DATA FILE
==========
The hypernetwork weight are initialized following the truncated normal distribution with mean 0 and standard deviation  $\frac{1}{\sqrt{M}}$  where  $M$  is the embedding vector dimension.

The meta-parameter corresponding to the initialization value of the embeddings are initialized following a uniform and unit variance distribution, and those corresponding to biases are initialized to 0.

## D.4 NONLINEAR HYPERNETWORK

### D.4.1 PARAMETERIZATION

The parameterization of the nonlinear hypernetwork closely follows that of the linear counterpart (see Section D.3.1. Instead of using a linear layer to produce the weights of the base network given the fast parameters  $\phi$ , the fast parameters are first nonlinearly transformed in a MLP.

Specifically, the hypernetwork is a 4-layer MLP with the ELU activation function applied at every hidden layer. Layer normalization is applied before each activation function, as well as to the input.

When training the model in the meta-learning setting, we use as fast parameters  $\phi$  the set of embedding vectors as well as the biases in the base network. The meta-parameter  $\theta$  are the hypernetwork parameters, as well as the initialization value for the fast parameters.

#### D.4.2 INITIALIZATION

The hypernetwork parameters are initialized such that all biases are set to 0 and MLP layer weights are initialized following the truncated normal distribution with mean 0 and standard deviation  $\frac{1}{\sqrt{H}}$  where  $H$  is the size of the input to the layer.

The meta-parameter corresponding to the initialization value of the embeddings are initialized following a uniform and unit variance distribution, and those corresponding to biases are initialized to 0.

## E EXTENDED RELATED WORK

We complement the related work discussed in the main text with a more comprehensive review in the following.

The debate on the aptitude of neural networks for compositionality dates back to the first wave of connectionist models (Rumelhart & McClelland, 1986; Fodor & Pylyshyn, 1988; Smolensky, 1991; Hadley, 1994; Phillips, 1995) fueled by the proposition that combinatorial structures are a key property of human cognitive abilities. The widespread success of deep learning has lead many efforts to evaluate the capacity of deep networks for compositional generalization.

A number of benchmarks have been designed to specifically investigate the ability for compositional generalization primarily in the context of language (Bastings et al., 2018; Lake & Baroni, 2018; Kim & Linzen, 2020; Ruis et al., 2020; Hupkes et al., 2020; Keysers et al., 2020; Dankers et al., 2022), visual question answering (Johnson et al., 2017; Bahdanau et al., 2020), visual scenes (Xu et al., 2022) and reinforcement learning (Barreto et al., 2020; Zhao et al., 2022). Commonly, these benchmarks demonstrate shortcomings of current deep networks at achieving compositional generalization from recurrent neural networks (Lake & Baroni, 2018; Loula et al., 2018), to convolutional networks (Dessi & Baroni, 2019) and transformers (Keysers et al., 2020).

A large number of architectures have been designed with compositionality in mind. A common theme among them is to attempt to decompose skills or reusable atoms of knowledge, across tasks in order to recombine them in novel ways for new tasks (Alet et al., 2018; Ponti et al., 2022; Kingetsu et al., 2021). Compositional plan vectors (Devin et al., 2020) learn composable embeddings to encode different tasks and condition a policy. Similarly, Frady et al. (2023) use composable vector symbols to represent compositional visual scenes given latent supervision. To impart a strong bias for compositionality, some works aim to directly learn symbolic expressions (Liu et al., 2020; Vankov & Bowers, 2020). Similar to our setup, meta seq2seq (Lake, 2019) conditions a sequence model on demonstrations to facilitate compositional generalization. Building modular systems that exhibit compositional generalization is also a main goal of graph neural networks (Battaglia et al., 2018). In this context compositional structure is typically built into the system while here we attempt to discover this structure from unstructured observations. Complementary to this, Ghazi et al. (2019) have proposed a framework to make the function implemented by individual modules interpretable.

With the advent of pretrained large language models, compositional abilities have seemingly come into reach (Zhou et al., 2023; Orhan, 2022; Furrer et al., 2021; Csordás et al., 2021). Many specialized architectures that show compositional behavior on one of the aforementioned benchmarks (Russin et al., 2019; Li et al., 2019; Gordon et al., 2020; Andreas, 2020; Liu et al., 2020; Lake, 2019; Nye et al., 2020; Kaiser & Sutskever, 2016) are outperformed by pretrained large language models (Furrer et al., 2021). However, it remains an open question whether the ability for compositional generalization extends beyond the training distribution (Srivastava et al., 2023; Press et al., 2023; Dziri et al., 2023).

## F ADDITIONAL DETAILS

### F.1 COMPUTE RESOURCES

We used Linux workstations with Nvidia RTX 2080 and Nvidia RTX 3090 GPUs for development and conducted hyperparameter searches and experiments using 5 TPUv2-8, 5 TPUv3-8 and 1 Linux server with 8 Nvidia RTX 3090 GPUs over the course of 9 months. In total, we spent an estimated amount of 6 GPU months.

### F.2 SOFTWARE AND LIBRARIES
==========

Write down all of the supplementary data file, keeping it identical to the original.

The hypernetwork weight are initialized following the truncated normal distribution with mean 0 and standard deviation  $\frac{1}{\sqrt{M}}$  where  $M$  is the embedding vector dimension.

The meta-parameter corresponding to the initialization value of the embeddings are initialized following a uniform and unit variance distribution, and those corresponding to biases are initialized to 0.

## D.4 NONLINEAR HYPERNETWORK

### D.4.1 PARAMETERIZATION

The parameterization of the nonlinear hypernetwork closely follows that of the linear counterpart (see Section D.3.1. Instead of using a linear layer to produce the weights of the base network given the fast parameters  $\phi$ , the fast parameters are first nonlinearly transformed in a MLP.

Specifically, the hypernetwork is a 4-layer MLP with the ELU activation function applied at every hidden layer. Layer normalization is applied before each activation function, as well as to the input.

When training the model in the meta-learning setting, we use as fast parameters  $\phi$  the set of embedding vectors as well as the biases in the base network. The meta-parameter  $\theta$  are the hypernetwork parameters, as well as the initialization value for the fast parameters.

#### D.4.2 INITIALIZATION

The hypernetwork parameters are initialized such that all biases are set to 0 and MLP layer weights are initialized following the truncated normal distribution with mean 0 and standard deviation  $\frac{1}{\sqrt{H}}$  where  $H$  is the size of the input to the layer.

The meta-parameter corresponding to the initialization value of the embeddings are initialized following a uniform and unit variance distribution, and those corresponding to biases are initialized to 0.

## E EXTENDED RELATED WORK

We complement the related work discussed in the main text with a more comprehensive review in the following.

The debate on the aptitude of neural networks for compositionality dates back to the first wave of connectionist models (Rumelhart & McClelland, 1986; Fodor & Pylyshyn, 1988; Smolensky, 1991; Hadley, 1994; Phillips, 1995) fueled by the proposition that combinatorial structures are a key property of human cognitive abilities. The widespread success of deep learning has lead many efforts to evaluate the capacity of deep networks for compositional generalization.

A number of benchmarks have been designed to specifically investigate the ability for compositional generalization primarily in the context of language (Bastings et al., 2018; Lake & Baroni, 2018; Kim & Linzen, 2020; Ruis et al., 2020; Hupkes et al., 2020; Keysers et al., 2020; Dankers et al., 2022), visual question answering (Johnson et al., 2017; Bahdanau et al., 2020), visual scenes (Xu et al., 2022) and reinforcement learning (Barreto et al., 2020; Zhao et al., 2022). Commonly, these benchmarks demonstrate shortcomings of current deep networks at achieving compositional generalization from recurrent neural networks (Lake & Baroni, 2018; Loula et al., 2018), to convolutional networks (Dessi & Baroni, 2019) and transformers (Keysers et al., 2020).

A large number of architectures have been designed with compositionality in mind. A common theme among them is to attempt to decompose skills or reusable atoms of knowledge, across tasks in order to recombine them in novel ways for new tasks (Alet et al., 2018; Ponti et al., 2022; Kingetsu et al., 2021). Compositional plan vectors (Devin et al., 2020) learn composable embeddings to encode different tasks and condition a policy. Similarly, Frady et al. (2023) use composable vector symbols to represent compositional visual scenes given latent supervision. To impart a strong bias for compositionality, some works aim to directly learn symbolic expressions (Liu et al., 2020; Vankov & Bowers, 2020). Similar to our setup, meta seq2seq (Lake, 2019) conditions a sequence model on demonstrations to facilitate compositional generalization. Building modular systems that exhibit compositional generalization is also a main goal of graph neural networks (Battaglia et al., 2018). In this context compositional structure is typically built into the system while here we attempt to discover this structure from unstructured observations. Complementary to this, Ghazi et al. (2019) have proposed a framework to make the function implemented by individual modules interpretable.

With the advent of pretrained large language models, compositional abilities have seemingly come into reach (Zhou et al., 2023; Orhan, 2022; Furrer et al., 2021; Csordás et al., 2021). Many specialized architectures that show compositional behavior on one of the aforementioned benchmarks (Russin et al., 2019; Li et al., 2019; Gordon et al., 2020; Andreas, 2020; Liu et al., 2020; Lake, 2019; Nye et al., 2020; Kaiser & Sutskever, 2016) are outperformed by pretrained large language models (Furrer et al., 2021). However, it remains an open question whether the ability for compositional generalization extends beyond the training distribution (Srivastava et al., 2023; Press et al., 2023; Dziri et al., 2023).

## F ADDITIONAL DETAILS

### F.1 COMPUTE RESOURCES

We used Linux workstations with Nvidia RTX 2080 and Nvidia RTX 3090 GPUs for development and conducted hyperparameter searches and experiments using 5 TPUv2-8, 5 TPUv3-8 and 1 Linux server with 8 Nvidia RTX 3090 GPUs over the course of 9 months. In total, we spent an estimated amount of 6 GPU months.

### F.2 SOFTWARE AND LIBRARIES